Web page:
Some think the master plan is geared too much toward humans and not enough toward nature.
“There's a strange propensity in L.A. for people to embrace architects and designers to lead perceived improvements of nature,” says Marcia Hanscom, executive director of the Ballona Institute. “The question for me is, what does the river want? What does nature want?”
Of course, what nature wanted was a dry riverbed that flooded every few years and destroyed property. Which is why no one uses the word “restoration” when talking about the river's future. It can't be restored. We're beyond that. A new river must be invented.
Much of its water comes from reclamation plants — facilities that filter sewage water so that it's clean enough to dump into the ocean. If the river received only water that flowed from streams and tributaries, it would be little more than a trickle most of the year. That would mean no fishing, no kayaking and a vastly different habitat from the one being proposed.
The master plan was completed before the full force of California's drought was felt. Water conservation is the new watchword. That would mean sending less reclaimed water through the L.A. River and back into the ocean.
“There's a tension between water supply and the beneficiary uses of aquatic life and recreation on the river,” says Mark Gold, associate vice chancellor of environment and sustainability at UCLA. “And everyone has frankly punted this issue for years and years.”
That's not to say there are no solutions. Gold says that reclaimed water could be pumped through the river and then recaptured downstream, south of a recreation area, and sent back into the aquifer or used for irrigation. But again, there's no one in charge of the water, no authority to decide how much water should go into the river.
Which is why Gehry and his team's technocratic, water-first approach may actually be what the river needs — or, rather, what the drier-than-ever region needs.
There are other fears. During the recent boat race sponsored by L.A. River Expeditions — one of four kayak outfitters now operating along the river — protesters from a group calling itself FROG (Frogtown Residents Opposing Gentrification) showed up with signs reading, “Herons hate boat races” and “Revitalization = Commercialization of Public Assets = Gentrification!!”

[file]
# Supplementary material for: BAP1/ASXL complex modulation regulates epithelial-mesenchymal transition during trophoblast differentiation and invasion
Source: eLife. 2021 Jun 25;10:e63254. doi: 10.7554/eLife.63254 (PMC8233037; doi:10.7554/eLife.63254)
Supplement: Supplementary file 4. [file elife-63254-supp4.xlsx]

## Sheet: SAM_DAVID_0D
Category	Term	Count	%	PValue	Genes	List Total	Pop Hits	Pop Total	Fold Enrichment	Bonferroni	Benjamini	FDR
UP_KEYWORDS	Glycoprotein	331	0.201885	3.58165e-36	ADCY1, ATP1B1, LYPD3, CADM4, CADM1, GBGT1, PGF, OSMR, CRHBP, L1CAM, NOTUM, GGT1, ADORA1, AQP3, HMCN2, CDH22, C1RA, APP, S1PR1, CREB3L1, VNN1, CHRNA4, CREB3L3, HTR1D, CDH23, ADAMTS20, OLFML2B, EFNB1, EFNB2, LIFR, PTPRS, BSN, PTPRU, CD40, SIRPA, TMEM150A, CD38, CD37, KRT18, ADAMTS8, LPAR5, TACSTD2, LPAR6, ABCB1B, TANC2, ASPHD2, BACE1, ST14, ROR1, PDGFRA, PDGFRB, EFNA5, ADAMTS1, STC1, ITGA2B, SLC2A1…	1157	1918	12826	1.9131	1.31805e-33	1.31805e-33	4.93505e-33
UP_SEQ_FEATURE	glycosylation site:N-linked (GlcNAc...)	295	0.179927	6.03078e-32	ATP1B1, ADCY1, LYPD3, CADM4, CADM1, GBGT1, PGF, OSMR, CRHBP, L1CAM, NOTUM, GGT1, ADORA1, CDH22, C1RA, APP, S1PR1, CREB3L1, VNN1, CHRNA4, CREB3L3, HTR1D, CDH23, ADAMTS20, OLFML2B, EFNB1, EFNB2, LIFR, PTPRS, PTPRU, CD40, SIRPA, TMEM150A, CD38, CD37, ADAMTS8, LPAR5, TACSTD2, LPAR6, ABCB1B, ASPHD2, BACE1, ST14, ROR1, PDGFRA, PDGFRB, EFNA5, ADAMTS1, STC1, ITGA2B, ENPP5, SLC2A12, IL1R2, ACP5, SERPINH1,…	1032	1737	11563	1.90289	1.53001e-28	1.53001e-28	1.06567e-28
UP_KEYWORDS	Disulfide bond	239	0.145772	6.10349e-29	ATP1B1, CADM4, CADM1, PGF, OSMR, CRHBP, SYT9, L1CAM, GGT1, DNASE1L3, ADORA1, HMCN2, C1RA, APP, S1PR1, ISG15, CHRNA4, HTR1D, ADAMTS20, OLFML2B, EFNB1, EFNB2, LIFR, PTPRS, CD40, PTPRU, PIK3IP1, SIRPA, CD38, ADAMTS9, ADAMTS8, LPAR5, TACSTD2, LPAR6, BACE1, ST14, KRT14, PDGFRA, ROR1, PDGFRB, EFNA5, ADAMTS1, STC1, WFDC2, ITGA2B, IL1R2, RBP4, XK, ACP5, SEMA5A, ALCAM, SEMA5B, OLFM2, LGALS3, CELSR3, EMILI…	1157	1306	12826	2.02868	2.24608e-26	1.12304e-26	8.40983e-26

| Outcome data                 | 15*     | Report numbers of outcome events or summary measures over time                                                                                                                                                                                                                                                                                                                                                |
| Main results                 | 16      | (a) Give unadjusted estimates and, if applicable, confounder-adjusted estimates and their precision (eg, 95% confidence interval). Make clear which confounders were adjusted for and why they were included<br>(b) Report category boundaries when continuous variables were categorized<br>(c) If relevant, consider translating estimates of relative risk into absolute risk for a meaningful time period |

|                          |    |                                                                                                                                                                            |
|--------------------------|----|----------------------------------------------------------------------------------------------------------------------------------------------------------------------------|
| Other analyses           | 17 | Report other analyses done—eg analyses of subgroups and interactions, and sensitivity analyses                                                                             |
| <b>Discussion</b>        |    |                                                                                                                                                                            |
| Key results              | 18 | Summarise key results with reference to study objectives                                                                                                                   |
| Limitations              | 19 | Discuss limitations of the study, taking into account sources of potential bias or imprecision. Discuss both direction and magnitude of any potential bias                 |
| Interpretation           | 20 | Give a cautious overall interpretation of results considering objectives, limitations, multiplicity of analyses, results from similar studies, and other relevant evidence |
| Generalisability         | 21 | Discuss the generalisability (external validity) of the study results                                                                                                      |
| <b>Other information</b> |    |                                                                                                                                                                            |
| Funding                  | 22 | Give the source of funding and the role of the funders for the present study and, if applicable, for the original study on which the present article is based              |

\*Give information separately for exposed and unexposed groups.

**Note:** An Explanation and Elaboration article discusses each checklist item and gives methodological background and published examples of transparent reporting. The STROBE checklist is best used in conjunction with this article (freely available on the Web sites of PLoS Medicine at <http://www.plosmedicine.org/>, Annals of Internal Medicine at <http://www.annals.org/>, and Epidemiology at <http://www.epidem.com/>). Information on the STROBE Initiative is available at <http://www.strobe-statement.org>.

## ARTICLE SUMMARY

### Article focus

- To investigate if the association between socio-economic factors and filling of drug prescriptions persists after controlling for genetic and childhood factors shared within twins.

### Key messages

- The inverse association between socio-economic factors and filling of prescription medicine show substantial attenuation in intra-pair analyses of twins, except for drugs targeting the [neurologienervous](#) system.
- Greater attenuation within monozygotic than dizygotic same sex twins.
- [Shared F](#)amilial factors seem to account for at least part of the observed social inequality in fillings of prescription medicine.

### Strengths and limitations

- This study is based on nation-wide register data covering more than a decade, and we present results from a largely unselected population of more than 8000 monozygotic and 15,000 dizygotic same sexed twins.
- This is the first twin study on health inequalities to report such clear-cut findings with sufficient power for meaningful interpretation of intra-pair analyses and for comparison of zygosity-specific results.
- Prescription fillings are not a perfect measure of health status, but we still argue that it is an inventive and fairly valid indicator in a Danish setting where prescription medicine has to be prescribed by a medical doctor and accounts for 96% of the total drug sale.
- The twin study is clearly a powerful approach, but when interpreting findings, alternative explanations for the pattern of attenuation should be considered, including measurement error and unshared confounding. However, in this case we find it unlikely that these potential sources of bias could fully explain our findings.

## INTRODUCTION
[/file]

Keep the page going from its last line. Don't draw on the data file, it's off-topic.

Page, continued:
When it comes to housing, the river presents a particularly tricky problem. If you build something really nice, won't a bunch of people want to move there? And won't that lead the land to skyrocket in value, forcing low-income renters out of their homes? Councilman O'Farrell wants to use zoning and other incentives to encourage the building of affordable housing near the river.
But the entry onto the scene of Gehry and the River Corporation — whose board includes quite a few developers — has stoked fears that river revitalization is, first and foremost, about development. Jenny Price, who used to lead walking tours of the L.A. River, has similar concerns: “For years, I was telling thousands of people on my tours, 'It's not a gentrification project.' Now I'm not so sure.”
She adds: “For me, the most important questions are: Who is the L.A. River for? Whose river is it?”
At the entrance to the Frog Spot stands a giant sculpture of a fish skeleton, embedded with what appears to be garbage.
“This, depending on your orientation, is either Stanley or Stella, the steel-headed trout,” MacAdams says.
The fish has a special significance for MacAdams and his allies. Whenever anyone asks how he'll know when his work is finished, he answers, “When the steelhead trout return to the river.”
“You could not come up with a more grandiose vision than that,” says UCLA's Gold. “What you would have to do to not just the river but the whole watershed would be unbelievable.”
“Good luck,” scoffs Patzert of JPL. “Let's get realistic, all right? There's some things we can do. But it's not gonna be a kayaking paradise, and we're not going to try to re-establish a salmon fishery. It's a flood control channel. It's an irrevocable decision that was made.”
Yet MacAdams, who still has 10 years to go on his 40-year artwork, says he's “serenely confident” that the trout will be back: “Whether it happens in my lifetime or yours, it doesn't matter.”
Gone is the era of large public works projects. Nearly every city in America has a crumbling infrastructure, and the river will have to stand in line for funding along with everything else. According to even the most optimistic of predictions, the Army Corps of Engineers project will cost the city nearly $700 million, which would almost certainly need a new tax in order to happen. River revitalization, then, will continue in dribs and drabs.
“The L.A. River isn't binary,” says Omar Brownson. “It's not built or unbuilt. It's something that's continuing to evolve and progress.”
It's one of the few things Brownson and MacAdams agree on, though the former puts it a bit differently.
“It's gonna continue for God knows how many years to be a battleground,” Brownson says. “I mean, nobody's gonna wave a magic wand and it's gonna look like Disney World.”
Not even Frank Gehry.
Correction: This story has been amended to reflect that Mia Lehrer is a landscape urbanist, not a landscape architect.